After it became clear that the Sanders Political Revolution was history, the pro-Clinton propagandists redirected their fire at Jill Stein. The contrast between Sanders and Stein could hardly be greater but that made little difference to those who not only favored the two-party system but the hegemonic role of ruling class politicians like the Bushes, the Clintons and Barack Obama within it. Even though Sanders never had any intention of making a breach with corporatist Democrats, he was considered a trouble-maker for pointing out the obvious, namely that the system was rigged in favor of Wall Street.

As a standard-bearer of the anti-Sanders propaganda offensive, it was to be expected that the Washington Post would turn its attention to Stein once the relatively toothless Senator from Vermont was out of the way. On July 26th an article titled “As Green Party’s Stein woos Sanders backers, some see unhappy flashbacks to 2000” appeared. Like the last time a relatively successful Green Party campaign for President made an impact on American society, the Democrats worry that Stein might steal votes from Clinton just like Nader supposedly stole votes from Gore:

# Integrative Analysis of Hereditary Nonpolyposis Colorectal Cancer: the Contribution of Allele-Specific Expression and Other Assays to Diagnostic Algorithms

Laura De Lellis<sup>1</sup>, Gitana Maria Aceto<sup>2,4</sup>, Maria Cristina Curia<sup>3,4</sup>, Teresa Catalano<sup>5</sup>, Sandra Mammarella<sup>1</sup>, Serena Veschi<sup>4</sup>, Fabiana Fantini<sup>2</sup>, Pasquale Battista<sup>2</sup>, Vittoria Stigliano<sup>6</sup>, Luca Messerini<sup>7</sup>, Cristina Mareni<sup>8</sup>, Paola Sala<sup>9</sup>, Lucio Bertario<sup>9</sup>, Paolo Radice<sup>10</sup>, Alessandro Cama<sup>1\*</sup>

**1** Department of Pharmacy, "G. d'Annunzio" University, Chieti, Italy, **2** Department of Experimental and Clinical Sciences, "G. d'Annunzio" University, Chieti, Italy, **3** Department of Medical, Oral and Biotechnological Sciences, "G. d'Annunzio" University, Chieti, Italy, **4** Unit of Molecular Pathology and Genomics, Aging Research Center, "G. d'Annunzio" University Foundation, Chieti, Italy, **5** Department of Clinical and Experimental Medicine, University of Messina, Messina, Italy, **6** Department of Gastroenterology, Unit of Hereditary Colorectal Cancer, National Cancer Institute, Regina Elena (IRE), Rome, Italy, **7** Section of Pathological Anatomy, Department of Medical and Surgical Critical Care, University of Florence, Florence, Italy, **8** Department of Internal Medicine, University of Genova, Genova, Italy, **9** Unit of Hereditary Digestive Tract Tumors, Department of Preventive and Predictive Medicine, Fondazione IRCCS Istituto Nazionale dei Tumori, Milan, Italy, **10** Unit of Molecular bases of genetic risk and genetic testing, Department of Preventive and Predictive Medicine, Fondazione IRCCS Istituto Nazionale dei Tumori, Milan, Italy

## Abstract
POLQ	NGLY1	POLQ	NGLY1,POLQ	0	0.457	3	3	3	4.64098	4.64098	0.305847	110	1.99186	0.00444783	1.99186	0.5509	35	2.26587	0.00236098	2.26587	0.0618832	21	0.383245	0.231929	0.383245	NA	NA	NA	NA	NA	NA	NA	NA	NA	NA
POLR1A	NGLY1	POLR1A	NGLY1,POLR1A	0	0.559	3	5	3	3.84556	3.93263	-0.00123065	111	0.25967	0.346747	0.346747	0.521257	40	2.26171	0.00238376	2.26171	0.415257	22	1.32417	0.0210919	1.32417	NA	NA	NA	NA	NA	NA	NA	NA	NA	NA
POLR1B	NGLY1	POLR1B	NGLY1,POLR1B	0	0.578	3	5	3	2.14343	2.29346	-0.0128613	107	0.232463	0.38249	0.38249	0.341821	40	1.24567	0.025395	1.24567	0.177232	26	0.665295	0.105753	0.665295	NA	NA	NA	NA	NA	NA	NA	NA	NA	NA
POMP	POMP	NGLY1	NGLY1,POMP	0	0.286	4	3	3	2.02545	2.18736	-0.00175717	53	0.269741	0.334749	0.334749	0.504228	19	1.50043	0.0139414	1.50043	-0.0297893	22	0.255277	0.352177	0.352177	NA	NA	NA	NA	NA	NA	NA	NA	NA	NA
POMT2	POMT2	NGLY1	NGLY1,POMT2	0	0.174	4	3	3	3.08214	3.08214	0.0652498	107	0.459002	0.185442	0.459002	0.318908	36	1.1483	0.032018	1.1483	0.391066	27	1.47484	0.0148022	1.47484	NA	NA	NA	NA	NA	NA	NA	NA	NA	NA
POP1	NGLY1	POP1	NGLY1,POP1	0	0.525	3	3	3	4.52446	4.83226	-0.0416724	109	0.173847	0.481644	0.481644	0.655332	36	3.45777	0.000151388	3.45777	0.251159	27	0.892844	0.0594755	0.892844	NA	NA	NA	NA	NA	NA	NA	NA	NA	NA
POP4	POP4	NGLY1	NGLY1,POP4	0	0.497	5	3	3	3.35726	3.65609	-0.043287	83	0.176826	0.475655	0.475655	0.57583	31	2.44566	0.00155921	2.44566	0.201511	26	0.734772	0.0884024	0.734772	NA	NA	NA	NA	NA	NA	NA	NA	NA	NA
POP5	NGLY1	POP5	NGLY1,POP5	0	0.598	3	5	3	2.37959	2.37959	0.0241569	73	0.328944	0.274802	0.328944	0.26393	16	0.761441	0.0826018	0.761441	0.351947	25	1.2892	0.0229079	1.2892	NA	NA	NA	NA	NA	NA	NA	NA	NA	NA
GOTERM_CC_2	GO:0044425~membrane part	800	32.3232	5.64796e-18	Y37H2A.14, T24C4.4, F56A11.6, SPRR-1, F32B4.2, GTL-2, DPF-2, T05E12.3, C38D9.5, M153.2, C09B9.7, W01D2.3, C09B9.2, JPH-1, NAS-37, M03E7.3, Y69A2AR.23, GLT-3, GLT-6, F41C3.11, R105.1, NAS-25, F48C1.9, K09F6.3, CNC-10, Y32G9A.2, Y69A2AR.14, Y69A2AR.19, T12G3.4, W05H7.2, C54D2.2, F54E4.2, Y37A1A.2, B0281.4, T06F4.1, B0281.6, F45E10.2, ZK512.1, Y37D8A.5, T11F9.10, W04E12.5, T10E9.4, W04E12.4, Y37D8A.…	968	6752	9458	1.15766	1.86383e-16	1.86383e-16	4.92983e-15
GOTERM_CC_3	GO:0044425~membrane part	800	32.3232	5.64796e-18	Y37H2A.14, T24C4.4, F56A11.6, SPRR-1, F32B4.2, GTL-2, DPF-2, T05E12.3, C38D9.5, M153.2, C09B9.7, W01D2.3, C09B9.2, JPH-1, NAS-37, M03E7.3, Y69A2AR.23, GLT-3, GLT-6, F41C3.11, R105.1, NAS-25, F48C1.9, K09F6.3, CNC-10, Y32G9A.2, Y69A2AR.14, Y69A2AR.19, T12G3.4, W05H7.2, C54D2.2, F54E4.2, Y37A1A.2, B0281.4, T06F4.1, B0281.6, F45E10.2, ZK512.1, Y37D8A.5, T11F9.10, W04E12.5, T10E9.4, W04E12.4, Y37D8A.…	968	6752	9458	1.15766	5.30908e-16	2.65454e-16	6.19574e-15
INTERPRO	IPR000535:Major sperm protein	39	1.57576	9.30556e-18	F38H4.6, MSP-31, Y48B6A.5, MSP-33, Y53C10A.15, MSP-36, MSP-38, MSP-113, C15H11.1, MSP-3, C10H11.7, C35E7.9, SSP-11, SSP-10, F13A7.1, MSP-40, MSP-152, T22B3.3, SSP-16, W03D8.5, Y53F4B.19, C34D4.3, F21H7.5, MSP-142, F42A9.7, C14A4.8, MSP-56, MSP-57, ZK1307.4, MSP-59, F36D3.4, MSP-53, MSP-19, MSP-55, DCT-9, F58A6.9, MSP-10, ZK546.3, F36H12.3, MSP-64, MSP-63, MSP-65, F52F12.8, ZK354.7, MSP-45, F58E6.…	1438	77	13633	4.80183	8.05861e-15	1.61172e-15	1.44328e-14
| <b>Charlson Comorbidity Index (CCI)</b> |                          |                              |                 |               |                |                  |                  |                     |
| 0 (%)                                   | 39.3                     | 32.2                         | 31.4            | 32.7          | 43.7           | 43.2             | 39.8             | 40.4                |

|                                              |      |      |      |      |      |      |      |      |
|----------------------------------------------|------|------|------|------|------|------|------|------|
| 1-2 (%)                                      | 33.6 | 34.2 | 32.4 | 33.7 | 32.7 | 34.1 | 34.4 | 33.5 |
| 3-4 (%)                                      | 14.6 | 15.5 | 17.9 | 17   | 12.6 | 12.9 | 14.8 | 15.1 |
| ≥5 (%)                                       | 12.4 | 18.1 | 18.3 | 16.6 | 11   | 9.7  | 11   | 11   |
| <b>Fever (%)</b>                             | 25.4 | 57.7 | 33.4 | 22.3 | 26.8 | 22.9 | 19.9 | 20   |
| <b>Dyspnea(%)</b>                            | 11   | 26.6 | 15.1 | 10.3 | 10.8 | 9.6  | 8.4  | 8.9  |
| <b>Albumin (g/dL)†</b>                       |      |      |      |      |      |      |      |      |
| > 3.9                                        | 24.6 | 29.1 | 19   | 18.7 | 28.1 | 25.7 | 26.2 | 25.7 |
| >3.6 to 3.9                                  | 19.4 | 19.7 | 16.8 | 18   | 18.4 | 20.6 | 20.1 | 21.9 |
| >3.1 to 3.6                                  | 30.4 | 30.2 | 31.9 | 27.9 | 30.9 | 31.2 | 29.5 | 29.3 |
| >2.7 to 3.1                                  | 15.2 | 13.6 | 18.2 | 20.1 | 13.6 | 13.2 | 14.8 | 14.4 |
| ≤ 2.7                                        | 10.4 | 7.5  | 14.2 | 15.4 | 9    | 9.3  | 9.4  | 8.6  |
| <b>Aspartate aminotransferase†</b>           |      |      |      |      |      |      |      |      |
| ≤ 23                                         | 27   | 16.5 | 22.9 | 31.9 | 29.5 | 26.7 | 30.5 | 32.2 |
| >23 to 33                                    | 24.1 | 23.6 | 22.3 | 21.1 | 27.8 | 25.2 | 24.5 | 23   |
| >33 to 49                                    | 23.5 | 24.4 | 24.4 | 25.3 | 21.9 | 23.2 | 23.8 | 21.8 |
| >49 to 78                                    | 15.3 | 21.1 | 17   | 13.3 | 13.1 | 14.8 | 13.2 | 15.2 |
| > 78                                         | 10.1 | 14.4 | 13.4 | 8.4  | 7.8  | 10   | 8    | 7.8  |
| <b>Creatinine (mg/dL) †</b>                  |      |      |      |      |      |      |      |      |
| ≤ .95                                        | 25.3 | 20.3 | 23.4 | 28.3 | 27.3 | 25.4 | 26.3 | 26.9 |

“I’m sure she’s a great person, but I can’t see how the effort can lead to anything but helping Trump,” said Rep. Keith Ellison (Minn.), who had been one of Sanders’s most high-profile supporters but is now urging the party to unify behind Clinton. “Trump is such a clear and present danger to the republic that we’ve got to get behind the candidate who gives us the best chance of defeating Trump.”